Assessing the Current Understanding of the Pathophysiology of Pelvic Organ Prolapse

July 11, 2022

In March 2022, the International Urogynecological Consultation (IUC) published findings from a comprehensive literature review of the most current understandings of the pathophysiology of pelvic organ prolapse (POP).

The international team of clinicians and basic science researchers collaborating on the study included Pamela Ann Moalli, MD, PhD, Professor and Division Director of Urogynecology and Pelvic Reconstructive Surgery in the Department of Obstetrics, Gynecology and Reproductive Sciences at the University of Pittsburgh School of Medicine and UPMC Magee-Womens Hospital.

For the recent study, Dr. Moalli and the international team evaluated more than 15,000 studies in the literature on POP pathophysiology to assess the most current and strongest evidence for how POP is affected by genetic influences, pregnancy and the process of childbirth, the age of the individual, and menopause. They also examined the literature on POP and existing animal model data for the study.

From their evidence review, the team isolated a number of genes and gene polymorphisms that have been found to be strongly associated with the development of POP – in the ESR1, FBLN5, PGR, and COL1A1 genes.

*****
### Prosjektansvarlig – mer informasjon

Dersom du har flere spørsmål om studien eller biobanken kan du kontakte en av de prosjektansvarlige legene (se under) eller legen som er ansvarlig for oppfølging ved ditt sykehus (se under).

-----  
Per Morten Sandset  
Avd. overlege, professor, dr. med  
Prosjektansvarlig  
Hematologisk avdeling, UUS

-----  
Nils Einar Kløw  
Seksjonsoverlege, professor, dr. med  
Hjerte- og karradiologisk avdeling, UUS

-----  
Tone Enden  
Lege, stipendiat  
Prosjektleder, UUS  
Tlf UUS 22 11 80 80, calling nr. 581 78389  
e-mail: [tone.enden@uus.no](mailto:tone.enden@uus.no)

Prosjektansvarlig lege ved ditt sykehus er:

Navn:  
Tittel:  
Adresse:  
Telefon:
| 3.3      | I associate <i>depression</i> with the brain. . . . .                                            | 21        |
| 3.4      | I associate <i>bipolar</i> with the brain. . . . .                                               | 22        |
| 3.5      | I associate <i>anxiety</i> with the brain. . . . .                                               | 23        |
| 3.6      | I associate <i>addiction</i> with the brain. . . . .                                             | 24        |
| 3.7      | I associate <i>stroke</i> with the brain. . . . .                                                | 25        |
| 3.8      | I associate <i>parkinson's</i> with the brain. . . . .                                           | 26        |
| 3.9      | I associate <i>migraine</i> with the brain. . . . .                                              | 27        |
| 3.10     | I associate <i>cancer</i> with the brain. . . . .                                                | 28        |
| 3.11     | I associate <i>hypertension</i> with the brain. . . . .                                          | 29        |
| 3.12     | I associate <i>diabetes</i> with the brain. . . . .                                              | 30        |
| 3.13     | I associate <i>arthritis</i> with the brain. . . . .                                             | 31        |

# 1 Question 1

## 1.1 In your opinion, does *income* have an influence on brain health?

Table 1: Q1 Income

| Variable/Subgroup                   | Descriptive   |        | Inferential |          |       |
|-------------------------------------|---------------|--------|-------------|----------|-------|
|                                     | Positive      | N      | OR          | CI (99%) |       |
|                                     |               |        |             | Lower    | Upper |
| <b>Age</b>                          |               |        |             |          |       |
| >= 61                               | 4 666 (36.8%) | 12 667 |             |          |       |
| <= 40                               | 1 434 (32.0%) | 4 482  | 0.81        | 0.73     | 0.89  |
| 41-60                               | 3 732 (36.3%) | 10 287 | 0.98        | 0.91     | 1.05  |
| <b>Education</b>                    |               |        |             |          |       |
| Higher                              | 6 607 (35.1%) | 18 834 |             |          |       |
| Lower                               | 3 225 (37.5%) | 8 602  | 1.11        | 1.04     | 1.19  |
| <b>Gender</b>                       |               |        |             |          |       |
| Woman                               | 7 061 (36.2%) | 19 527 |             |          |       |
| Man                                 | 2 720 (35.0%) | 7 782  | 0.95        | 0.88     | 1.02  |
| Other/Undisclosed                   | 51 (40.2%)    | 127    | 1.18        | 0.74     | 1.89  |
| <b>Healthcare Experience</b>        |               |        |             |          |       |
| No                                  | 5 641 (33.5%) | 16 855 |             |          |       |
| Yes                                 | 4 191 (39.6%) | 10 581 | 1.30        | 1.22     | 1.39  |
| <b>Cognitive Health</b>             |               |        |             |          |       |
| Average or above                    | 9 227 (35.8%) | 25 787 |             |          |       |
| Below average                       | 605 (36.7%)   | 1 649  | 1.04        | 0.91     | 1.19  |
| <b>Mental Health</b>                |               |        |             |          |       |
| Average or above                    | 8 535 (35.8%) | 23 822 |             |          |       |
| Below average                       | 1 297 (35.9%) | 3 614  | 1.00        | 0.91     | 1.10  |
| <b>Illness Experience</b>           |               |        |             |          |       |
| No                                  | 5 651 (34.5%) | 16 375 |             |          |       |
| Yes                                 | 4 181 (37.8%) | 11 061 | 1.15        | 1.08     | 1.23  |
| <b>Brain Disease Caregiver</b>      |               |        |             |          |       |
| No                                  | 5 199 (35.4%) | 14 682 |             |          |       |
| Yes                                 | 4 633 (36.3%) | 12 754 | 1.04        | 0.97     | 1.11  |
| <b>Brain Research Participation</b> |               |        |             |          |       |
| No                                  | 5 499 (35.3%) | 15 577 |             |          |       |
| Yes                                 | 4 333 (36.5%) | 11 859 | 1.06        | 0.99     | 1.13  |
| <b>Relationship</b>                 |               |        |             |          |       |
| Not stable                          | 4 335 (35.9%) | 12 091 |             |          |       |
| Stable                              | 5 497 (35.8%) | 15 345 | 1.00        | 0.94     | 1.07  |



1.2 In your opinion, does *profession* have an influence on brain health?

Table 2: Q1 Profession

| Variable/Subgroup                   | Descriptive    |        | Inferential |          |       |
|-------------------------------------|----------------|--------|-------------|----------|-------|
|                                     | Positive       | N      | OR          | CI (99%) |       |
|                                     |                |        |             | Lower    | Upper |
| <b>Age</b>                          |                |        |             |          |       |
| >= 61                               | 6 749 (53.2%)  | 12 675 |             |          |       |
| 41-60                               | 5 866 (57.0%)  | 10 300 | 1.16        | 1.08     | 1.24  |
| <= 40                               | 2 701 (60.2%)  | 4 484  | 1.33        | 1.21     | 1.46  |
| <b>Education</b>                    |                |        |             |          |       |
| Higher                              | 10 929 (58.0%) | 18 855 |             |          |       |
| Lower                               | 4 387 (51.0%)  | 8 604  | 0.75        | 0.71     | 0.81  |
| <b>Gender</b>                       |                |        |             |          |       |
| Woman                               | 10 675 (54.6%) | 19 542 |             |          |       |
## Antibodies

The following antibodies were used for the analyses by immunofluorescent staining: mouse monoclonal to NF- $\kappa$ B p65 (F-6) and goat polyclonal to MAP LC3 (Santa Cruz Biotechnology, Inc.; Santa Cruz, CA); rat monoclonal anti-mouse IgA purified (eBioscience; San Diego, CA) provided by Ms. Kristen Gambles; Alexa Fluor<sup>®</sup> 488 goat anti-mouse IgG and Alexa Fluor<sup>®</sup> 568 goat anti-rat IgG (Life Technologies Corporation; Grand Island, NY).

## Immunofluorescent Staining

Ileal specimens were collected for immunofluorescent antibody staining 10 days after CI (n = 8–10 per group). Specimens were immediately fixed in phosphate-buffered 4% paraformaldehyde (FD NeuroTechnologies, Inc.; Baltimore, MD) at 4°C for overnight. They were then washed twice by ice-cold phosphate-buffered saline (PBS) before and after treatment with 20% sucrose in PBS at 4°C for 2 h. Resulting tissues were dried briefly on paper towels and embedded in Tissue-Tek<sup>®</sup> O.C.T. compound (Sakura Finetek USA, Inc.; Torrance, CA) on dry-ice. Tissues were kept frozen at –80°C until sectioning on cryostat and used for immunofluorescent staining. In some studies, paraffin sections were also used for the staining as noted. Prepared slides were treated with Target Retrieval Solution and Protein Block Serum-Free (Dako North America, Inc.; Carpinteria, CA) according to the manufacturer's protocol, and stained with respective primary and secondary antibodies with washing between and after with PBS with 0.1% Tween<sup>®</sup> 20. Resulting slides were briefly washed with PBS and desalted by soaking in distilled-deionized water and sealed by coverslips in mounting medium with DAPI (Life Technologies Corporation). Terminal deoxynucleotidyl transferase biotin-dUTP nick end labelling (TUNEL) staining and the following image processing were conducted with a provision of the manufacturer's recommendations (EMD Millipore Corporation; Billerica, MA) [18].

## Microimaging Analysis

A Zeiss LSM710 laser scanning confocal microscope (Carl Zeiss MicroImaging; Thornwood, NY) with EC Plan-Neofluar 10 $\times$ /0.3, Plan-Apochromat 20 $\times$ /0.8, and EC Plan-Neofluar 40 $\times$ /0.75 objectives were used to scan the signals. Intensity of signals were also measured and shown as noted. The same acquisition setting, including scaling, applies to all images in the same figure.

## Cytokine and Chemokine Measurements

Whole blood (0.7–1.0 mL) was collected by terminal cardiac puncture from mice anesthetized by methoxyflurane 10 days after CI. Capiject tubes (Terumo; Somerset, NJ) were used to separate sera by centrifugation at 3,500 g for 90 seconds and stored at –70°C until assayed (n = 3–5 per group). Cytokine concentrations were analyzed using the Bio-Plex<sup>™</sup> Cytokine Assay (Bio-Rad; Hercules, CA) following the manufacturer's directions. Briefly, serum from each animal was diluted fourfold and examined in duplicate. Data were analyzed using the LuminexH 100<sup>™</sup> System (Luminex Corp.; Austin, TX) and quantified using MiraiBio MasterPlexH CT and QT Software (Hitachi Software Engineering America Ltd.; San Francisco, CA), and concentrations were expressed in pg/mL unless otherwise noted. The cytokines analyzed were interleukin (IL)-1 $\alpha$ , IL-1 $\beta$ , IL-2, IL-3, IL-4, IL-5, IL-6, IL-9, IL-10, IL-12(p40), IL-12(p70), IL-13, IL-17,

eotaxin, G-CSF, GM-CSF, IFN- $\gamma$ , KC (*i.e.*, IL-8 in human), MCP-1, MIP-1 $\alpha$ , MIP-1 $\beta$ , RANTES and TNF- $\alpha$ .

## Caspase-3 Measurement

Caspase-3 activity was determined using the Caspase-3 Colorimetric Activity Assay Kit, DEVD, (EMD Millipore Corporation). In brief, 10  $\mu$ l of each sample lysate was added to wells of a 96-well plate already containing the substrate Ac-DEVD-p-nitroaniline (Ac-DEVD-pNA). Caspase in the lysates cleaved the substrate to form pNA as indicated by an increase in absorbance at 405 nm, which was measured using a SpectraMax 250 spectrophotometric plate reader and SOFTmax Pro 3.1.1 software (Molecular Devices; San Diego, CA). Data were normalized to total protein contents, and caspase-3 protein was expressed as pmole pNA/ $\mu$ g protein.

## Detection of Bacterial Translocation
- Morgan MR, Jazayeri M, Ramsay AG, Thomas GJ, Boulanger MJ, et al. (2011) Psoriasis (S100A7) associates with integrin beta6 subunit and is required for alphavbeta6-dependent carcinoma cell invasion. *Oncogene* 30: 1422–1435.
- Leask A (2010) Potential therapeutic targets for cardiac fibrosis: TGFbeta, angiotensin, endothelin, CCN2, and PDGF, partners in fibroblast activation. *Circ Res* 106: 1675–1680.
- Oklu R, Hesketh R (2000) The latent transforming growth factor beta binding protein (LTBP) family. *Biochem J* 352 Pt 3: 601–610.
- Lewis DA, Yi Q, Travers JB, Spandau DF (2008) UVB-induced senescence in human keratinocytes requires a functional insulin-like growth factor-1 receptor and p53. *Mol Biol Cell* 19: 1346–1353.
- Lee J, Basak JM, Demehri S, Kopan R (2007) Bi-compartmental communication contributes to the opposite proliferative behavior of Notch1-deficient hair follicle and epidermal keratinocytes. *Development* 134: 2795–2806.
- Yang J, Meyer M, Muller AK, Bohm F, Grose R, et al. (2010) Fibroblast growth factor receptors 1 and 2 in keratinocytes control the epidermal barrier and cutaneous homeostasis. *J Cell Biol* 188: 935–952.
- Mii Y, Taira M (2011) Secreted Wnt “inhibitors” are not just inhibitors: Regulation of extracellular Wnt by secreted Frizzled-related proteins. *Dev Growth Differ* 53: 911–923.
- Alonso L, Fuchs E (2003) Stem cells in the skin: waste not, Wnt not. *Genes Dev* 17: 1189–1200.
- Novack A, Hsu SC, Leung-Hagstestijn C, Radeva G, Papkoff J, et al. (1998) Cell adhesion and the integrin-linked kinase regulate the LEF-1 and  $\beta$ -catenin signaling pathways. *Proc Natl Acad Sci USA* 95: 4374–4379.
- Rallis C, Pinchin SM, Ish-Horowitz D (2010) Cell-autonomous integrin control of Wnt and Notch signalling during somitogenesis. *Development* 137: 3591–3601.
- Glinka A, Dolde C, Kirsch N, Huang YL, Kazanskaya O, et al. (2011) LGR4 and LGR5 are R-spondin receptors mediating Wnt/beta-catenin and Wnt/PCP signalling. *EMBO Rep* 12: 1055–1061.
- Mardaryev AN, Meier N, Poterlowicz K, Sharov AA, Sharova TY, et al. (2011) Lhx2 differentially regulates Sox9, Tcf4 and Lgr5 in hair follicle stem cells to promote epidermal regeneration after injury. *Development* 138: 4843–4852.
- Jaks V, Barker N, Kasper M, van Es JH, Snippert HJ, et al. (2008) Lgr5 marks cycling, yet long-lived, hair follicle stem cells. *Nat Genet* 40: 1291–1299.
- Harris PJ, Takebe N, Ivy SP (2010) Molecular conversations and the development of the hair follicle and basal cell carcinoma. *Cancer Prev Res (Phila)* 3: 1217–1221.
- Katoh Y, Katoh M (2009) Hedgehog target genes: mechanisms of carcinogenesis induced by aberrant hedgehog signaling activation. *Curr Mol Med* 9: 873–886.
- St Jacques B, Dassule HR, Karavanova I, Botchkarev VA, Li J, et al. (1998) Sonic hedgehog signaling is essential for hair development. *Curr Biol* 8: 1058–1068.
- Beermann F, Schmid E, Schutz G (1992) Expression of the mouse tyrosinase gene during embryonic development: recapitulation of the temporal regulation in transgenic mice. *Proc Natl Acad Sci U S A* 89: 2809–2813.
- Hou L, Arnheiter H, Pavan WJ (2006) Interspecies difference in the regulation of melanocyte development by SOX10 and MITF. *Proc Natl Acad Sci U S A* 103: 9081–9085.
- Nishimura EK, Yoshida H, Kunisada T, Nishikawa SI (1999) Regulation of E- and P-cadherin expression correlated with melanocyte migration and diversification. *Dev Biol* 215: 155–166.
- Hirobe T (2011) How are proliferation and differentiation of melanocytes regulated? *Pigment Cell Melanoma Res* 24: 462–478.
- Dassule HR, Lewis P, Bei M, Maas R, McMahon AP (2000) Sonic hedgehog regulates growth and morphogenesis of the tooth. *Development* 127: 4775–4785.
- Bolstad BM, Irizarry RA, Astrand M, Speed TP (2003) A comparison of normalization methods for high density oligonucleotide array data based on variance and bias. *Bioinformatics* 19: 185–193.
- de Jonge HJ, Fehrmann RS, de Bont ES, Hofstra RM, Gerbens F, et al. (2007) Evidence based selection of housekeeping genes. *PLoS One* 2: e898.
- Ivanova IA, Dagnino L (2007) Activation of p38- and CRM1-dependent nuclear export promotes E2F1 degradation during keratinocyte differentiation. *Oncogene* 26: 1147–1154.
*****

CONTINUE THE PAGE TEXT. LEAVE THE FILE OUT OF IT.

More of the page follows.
When examining the literature on the role of pregnancy and childbirth on the development of POP, significant findings included that both vaginal delivery and a forceps birth were strongly associated with developing POP. The risk for POP was highest for the first vaginal delivery and decreased with subsequent deliveries. Interestingly, birth by cesarean section was found protective of POP as compared to vaginal or forceps birth. POP risk between women who have never given birth and those that have done so by cesarian section was equivalent.

While the data available on the role of age and menopause in the pathophysiology of POP is sparse, it does appear that as age increases, so too does the risk for developing POP – on the order of a 10% increase in risk for each year of life. Shifts in hormonal levels as women age and the experience of menopause do not appear to increase the risk significantly of developing POP; however, the team notes that there is a lack of robust data on these factors, as well as difficulty disentangling any effects of menopause from the effects of age in the studies that were evaluated.

Read more about the analysis and the IUC’s four-chapter publications reviewing and summarizing the current literature on POP.

Learn more about Dr. Moalli and her current research.

Reference

Deprest JA, Cartwright R, Dietz HP, Brito LGO, Koch M, Allen-Brady K, Manonai J, Weintraub AY, Chua JWF, Cuffolo R, Sorrentino F, Cattani L, Decoene J, Page A-S, Weeg N, Pereira GMV, de Carvalho MG, Mackova K, Hympanova LH, Moalli P, Shynlova O, Alperin M, Bortollini MAT. International Urogynecological Consultation (IUC): Pathophysiology of Pelvic Organ Prolapse (POP). Int Urogynecol J. 10 March 2022. Online ahead of print.